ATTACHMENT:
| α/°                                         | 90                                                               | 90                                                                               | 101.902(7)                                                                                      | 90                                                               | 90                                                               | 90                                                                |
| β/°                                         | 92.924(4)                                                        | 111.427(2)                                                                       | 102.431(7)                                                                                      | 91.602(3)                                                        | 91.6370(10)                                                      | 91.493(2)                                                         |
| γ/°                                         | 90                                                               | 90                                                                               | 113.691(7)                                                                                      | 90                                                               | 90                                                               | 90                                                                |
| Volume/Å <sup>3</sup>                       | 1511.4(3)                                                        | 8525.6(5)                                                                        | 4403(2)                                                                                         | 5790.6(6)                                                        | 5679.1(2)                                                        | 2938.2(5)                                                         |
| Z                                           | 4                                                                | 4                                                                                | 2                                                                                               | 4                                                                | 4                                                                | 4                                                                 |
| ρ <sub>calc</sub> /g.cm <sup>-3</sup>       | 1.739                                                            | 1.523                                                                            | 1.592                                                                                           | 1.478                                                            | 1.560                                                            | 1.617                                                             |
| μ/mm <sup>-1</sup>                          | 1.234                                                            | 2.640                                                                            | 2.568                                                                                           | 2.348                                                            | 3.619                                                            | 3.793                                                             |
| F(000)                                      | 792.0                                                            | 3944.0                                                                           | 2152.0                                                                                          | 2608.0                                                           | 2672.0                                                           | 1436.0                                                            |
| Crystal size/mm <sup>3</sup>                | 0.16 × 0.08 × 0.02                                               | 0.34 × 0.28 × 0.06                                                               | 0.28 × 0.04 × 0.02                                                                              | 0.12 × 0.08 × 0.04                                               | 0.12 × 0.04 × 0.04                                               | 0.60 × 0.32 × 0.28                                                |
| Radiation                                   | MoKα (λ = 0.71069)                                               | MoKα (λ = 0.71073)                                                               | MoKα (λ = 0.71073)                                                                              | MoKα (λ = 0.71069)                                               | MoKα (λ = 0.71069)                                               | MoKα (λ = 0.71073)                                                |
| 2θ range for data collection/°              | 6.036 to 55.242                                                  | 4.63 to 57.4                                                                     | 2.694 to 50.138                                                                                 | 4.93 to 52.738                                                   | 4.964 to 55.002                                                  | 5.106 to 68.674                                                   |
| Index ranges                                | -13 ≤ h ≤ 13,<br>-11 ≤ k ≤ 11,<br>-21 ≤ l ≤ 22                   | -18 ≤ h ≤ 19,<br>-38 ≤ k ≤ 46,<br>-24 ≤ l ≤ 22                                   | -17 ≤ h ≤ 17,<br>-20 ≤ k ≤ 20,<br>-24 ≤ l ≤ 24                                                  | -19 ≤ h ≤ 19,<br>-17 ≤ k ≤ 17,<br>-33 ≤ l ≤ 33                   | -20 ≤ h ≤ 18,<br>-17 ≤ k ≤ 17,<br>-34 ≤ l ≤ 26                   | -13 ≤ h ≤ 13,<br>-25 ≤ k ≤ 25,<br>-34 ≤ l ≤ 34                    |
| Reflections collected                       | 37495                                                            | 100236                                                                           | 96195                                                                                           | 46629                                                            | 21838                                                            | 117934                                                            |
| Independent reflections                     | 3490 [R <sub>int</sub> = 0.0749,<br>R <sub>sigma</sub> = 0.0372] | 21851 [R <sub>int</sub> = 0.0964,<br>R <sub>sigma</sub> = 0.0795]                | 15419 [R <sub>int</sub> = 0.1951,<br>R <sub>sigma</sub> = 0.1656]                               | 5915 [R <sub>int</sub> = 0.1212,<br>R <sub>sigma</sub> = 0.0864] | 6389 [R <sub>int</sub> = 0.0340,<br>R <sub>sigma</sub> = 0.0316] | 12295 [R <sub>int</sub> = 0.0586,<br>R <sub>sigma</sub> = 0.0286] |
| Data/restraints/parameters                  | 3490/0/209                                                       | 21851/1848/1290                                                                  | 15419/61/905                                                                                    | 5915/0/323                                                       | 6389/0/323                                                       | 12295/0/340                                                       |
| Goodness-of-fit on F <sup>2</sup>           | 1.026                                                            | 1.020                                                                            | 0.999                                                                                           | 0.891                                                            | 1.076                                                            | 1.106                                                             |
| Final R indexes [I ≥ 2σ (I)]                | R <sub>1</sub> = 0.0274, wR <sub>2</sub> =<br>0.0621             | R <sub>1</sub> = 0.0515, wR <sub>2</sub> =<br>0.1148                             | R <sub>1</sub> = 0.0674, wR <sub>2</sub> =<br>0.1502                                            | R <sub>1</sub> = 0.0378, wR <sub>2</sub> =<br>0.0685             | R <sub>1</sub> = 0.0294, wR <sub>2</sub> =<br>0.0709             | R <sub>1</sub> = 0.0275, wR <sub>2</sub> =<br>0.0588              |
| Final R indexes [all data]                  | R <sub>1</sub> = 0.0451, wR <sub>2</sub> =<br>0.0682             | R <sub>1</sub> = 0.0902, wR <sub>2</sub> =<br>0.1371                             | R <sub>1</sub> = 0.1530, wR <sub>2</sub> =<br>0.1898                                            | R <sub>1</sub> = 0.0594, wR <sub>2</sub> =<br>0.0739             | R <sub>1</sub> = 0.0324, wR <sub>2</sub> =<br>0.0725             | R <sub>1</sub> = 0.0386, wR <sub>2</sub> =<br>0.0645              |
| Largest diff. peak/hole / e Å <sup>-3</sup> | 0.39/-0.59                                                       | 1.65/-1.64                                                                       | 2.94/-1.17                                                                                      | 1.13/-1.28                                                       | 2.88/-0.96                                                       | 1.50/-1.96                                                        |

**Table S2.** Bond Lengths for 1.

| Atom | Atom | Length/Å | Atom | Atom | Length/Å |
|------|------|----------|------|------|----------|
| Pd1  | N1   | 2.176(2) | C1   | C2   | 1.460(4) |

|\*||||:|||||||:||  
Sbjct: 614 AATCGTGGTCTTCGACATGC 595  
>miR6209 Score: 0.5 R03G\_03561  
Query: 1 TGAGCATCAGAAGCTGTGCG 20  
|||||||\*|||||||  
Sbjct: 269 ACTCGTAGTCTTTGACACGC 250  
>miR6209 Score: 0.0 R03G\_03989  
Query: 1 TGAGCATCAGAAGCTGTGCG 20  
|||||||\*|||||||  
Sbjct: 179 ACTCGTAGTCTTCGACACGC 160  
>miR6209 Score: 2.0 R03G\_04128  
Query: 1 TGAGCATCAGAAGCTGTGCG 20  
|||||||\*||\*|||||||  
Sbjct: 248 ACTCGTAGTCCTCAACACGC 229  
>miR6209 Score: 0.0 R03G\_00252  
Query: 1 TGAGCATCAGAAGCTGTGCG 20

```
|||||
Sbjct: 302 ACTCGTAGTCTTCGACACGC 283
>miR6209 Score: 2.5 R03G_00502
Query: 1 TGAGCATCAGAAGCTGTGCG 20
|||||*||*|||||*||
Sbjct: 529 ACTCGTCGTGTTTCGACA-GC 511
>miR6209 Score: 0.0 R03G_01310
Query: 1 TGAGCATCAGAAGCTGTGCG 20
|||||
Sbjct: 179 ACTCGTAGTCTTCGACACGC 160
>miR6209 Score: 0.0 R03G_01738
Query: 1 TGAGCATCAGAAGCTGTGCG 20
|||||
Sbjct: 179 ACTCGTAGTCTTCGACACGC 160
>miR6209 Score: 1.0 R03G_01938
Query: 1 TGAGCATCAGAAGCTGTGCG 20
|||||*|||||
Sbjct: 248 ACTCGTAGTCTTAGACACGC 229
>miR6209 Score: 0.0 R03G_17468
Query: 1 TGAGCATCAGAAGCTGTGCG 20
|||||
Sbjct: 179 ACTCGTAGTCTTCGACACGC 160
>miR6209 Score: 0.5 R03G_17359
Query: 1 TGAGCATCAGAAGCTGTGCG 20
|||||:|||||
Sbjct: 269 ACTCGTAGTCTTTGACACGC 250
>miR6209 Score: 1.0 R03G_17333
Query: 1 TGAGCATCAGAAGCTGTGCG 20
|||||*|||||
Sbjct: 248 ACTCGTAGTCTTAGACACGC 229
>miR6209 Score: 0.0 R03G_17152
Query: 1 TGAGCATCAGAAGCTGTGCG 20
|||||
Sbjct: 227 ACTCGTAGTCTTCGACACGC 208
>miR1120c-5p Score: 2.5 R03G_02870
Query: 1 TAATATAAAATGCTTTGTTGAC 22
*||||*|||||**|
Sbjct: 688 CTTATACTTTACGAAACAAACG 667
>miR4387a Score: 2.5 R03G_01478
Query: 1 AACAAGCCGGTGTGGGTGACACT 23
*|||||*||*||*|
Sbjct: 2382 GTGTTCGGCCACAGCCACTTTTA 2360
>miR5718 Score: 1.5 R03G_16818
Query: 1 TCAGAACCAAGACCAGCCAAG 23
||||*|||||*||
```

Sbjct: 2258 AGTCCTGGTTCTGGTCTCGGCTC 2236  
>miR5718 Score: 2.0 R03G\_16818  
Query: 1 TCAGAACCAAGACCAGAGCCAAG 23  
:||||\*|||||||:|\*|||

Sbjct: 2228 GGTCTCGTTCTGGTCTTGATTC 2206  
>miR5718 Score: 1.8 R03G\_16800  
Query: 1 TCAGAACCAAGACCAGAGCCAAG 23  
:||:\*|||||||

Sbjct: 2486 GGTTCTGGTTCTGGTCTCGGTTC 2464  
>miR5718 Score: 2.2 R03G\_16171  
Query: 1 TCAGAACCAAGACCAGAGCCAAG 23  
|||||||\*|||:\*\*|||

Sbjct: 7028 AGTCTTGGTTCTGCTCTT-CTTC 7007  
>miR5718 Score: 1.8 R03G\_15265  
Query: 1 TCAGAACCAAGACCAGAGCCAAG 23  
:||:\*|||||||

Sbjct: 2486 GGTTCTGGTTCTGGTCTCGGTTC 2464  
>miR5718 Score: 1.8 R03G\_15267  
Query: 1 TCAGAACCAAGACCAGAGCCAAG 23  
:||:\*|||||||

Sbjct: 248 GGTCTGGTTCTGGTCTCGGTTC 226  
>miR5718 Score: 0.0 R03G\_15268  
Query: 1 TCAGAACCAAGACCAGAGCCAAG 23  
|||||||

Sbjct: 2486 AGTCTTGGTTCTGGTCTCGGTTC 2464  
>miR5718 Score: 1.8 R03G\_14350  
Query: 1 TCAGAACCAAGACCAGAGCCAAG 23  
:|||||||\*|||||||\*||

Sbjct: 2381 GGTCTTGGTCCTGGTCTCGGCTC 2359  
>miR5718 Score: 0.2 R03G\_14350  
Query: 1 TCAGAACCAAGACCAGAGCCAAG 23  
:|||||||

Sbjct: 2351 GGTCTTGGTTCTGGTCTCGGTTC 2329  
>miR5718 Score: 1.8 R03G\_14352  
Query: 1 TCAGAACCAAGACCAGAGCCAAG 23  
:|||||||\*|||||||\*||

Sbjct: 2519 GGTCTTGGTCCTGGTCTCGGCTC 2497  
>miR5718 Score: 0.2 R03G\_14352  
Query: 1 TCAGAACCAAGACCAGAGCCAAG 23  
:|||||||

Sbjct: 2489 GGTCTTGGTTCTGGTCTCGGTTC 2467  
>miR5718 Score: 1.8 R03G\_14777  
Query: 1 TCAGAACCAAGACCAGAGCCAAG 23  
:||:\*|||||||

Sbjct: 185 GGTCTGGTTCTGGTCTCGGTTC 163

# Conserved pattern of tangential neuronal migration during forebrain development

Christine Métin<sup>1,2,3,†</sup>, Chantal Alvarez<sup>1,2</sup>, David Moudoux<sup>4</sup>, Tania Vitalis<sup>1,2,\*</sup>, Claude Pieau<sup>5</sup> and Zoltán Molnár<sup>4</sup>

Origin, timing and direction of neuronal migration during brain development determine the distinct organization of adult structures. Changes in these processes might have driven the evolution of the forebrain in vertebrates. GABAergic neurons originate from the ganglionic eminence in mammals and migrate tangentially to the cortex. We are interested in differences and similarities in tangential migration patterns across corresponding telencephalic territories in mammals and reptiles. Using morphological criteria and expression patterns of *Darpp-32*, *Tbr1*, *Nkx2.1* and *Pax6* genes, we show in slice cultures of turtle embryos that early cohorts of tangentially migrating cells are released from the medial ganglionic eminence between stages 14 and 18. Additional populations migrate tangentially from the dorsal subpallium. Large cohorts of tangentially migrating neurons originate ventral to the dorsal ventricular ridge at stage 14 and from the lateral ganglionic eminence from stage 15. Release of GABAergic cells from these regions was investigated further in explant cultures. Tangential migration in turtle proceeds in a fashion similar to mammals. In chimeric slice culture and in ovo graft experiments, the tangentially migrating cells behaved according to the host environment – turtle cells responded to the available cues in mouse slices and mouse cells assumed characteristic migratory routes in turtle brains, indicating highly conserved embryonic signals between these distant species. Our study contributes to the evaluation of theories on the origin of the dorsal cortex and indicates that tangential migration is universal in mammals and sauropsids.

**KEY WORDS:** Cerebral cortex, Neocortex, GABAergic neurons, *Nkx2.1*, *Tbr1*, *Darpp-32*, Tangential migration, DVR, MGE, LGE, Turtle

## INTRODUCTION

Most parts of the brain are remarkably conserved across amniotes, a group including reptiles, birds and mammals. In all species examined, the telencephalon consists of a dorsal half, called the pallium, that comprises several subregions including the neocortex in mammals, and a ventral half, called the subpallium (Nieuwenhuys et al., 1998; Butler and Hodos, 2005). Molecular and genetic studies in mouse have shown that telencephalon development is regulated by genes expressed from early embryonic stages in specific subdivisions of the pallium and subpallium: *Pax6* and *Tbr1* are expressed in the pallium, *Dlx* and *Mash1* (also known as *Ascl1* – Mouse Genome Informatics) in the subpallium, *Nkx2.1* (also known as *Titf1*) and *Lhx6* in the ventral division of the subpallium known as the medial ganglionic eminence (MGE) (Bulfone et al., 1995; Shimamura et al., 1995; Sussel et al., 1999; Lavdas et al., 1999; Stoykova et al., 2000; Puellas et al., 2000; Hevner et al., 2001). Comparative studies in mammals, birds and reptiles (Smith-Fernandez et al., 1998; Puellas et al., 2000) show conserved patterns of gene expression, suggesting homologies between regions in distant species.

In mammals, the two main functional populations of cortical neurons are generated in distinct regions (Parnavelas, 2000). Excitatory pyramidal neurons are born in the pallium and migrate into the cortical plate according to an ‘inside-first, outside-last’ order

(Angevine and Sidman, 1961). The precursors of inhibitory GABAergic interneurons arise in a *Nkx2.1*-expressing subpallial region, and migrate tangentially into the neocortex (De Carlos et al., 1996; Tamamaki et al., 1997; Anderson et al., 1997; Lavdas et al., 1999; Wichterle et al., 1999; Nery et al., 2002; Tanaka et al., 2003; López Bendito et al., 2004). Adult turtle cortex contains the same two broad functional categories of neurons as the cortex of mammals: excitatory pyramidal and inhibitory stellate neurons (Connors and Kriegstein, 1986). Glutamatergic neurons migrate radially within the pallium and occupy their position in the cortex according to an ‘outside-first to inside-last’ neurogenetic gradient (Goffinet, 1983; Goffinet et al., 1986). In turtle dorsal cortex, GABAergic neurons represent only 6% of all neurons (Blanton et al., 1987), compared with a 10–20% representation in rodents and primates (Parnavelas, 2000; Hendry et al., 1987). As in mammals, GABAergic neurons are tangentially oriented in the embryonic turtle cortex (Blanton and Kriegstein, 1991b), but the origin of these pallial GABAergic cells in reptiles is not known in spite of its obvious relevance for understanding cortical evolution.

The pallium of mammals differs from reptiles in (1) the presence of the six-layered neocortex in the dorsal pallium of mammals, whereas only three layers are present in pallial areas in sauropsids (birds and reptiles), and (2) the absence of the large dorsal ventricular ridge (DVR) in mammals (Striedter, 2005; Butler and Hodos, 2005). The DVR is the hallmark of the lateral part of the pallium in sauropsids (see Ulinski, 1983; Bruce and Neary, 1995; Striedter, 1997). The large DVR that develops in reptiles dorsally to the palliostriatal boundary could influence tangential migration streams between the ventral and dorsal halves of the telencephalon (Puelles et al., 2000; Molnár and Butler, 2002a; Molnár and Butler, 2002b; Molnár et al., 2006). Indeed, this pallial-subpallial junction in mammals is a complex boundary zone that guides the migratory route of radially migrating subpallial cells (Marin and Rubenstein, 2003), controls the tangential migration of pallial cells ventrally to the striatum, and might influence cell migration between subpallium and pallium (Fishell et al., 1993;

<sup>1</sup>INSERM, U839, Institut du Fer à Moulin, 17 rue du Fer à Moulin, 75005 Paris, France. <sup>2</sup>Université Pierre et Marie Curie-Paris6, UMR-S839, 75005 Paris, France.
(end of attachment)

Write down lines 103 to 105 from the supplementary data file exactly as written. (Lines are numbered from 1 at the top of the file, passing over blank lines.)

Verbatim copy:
Sbjct: 2486 GGTTCTGGTTCTGGTCTCGGTTC 2464  
>miR5718 Score: 1.8 R03G\_15267  
Query: 1 TCAGAACCAAGACCAGAGCCAAG 23  